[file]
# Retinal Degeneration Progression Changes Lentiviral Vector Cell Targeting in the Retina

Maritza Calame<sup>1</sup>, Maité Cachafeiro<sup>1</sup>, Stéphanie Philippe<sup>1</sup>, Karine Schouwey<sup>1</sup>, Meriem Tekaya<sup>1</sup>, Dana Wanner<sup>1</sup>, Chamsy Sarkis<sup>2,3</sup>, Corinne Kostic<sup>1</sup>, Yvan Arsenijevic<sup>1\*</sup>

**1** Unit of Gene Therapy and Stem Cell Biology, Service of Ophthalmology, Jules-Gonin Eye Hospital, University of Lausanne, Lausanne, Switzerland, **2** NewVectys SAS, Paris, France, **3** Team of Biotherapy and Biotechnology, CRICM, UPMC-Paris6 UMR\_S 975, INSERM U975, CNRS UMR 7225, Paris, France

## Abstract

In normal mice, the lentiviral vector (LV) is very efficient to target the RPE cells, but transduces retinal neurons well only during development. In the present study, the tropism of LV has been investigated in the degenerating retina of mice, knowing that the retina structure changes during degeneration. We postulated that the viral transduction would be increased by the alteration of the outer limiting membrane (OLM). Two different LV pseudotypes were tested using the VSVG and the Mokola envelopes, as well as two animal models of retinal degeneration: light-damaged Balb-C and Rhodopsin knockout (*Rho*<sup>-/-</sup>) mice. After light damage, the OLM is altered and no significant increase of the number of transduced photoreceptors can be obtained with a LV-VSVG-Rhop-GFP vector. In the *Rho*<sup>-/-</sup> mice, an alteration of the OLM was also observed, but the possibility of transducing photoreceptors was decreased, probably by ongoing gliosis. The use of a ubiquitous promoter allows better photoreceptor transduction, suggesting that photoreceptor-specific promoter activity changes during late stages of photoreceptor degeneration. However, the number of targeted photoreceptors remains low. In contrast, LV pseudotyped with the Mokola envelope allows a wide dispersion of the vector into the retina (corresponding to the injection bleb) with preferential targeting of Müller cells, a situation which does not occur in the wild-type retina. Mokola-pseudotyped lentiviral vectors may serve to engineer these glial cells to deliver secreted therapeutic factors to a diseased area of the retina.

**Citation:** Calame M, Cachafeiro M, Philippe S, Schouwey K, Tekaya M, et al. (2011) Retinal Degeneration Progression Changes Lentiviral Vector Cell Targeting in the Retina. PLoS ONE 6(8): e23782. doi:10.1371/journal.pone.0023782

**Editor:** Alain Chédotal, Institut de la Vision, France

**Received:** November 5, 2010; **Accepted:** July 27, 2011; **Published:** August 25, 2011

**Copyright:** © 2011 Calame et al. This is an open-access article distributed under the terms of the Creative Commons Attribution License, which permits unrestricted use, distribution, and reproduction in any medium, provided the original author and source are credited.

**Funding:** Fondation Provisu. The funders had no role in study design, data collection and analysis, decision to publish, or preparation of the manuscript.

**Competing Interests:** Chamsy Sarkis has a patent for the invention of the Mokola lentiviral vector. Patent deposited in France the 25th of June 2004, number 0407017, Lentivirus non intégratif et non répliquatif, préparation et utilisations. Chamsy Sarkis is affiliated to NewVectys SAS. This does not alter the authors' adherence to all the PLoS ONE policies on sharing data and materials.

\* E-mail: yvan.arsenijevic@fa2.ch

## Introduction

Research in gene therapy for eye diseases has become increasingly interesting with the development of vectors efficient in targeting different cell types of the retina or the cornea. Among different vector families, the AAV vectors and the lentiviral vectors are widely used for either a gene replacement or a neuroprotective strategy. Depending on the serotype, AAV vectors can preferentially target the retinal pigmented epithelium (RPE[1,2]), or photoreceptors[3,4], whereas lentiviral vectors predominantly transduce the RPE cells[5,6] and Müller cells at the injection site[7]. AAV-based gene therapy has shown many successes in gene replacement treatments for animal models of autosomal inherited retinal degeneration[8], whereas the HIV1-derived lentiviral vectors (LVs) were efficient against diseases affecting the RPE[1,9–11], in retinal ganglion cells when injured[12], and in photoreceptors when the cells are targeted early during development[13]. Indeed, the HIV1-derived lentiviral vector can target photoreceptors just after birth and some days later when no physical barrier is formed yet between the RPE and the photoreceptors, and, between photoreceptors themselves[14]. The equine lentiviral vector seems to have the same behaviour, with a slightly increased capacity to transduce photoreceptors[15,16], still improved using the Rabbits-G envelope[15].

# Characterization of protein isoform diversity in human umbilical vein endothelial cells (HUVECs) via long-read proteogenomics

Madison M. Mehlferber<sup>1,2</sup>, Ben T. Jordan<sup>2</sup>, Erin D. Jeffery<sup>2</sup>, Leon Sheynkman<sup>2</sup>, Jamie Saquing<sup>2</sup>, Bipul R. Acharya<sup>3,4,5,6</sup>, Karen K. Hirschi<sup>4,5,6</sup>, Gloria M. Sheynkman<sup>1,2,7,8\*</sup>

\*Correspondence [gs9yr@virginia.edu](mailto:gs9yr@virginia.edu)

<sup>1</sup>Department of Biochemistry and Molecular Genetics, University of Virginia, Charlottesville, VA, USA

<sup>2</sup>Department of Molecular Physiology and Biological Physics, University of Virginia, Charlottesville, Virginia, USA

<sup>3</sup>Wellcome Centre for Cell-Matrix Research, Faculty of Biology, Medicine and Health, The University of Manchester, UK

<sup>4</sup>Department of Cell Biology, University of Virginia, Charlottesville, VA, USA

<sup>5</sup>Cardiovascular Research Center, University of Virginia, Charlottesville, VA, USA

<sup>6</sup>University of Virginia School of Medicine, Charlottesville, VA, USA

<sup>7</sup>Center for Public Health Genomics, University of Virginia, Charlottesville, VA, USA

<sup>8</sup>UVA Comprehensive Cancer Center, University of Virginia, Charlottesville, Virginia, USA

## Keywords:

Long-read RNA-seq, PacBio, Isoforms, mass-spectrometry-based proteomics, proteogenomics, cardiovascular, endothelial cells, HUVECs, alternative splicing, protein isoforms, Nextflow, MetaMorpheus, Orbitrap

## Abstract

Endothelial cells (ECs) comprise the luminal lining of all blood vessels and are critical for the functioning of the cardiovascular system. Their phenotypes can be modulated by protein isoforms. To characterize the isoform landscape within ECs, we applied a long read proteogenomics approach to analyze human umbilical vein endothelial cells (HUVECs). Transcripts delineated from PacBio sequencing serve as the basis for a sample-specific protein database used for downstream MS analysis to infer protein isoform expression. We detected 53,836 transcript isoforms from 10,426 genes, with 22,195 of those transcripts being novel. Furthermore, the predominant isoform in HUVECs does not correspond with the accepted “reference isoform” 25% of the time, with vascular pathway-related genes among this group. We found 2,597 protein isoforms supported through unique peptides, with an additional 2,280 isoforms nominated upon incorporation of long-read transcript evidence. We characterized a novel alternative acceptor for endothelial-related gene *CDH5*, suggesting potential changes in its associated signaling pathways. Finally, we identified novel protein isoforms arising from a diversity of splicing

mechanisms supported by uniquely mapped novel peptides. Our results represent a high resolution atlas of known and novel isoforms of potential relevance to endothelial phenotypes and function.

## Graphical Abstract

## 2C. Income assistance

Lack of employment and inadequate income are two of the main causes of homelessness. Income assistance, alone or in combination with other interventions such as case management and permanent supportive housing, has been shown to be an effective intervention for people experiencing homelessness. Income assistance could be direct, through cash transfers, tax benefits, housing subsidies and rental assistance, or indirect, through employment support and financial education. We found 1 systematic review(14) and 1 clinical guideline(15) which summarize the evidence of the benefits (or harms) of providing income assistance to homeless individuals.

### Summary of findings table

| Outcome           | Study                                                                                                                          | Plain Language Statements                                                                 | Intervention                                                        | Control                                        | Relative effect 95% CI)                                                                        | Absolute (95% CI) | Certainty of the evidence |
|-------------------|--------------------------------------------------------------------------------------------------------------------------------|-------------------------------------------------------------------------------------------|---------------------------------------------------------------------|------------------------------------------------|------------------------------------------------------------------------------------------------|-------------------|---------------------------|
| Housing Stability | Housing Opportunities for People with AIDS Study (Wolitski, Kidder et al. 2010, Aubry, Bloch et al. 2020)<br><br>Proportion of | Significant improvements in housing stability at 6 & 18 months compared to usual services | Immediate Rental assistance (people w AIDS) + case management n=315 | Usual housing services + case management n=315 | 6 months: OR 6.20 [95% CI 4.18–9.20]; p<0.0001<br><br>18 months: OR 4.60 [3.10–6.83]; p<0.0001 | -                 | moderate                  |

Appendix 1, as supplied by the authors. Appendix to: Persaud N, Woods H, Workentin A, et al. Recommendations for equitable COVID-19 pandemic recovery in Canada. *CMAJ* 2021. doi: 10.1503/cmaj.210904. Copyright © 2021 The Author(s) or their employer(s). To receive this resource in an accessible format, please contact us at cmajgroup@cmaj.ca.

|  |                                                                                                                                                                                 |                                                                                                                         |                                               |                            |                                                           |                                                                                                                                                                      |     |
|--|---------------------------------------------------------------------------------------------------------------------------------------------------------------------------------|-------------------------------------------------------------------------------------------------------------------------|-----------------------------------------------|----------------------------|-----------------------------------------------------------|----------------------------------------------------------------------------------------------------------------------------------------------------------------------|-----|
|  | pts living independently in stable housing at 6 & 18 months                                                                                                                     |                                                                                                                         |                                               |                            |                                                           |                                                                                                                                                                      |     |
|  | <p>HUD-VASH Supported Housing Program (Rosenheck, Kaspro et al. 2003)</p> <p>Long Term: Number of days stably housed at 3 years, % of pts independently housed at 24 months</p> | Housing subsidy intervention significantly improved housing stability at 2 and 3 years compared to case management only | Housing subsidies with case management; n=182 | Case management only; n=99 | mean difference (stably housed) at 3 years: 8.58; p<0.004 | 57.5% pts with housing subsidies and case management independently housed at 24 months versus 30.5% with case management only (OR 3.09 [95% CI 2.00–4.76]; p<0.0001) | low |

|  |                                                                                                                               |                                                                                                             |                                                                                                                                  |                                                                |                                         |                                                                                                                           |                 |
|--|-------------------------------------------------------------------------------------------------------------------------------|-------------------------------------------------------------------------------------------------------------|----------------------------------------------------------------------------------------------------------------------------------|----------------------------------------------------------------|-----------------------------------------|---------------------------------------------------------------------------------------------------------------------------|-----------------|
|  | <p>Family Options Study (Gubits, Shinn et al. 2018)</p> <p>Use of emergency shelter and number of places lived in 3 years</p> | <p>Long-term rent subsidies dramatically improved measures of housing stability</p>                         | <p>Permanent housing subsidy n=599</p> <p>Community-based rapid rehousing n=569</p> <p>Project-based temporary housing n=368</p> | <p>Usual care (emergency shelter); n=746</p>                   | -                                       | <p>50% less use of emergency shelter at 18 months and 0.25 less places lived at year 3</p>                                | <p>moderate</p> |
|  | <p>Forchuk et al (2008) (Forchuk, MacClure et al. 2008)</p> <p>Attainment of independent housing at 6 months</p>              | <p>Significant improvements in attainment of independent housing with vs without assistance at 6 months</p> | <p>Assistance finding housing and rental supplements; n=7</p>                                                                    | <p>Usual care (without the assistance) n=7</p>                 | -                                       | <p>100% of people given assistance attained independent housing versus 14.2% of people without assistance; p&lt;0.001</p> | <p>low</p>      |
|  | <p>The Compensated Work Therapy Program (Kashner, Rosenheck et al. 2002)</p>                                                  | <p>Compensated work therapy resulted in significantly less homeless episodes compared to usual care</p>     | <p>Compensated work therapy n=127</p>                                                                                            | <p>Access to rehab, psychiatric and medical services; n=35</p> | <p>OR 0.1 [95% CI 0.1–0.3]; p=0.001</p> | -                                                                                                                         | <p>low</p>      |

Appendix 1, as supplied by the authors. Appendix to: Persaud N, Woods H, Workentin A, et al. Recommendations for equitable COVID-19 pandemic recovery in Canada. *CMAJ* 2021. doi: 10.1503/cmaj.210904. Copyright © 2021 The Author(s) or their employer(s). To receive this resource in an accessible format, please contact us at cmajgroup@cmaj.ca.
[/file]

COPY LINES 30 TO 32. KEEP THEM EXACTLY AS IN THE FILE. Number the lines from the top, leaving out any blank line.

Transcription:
mechanisms supported by uniquely mapped novel peptides. Our results represent a high resolution atlas of known and novel isoforms of potential relevance to endothelial phenotypes and function.

## Graphical Abstract

## 2C. Income assistance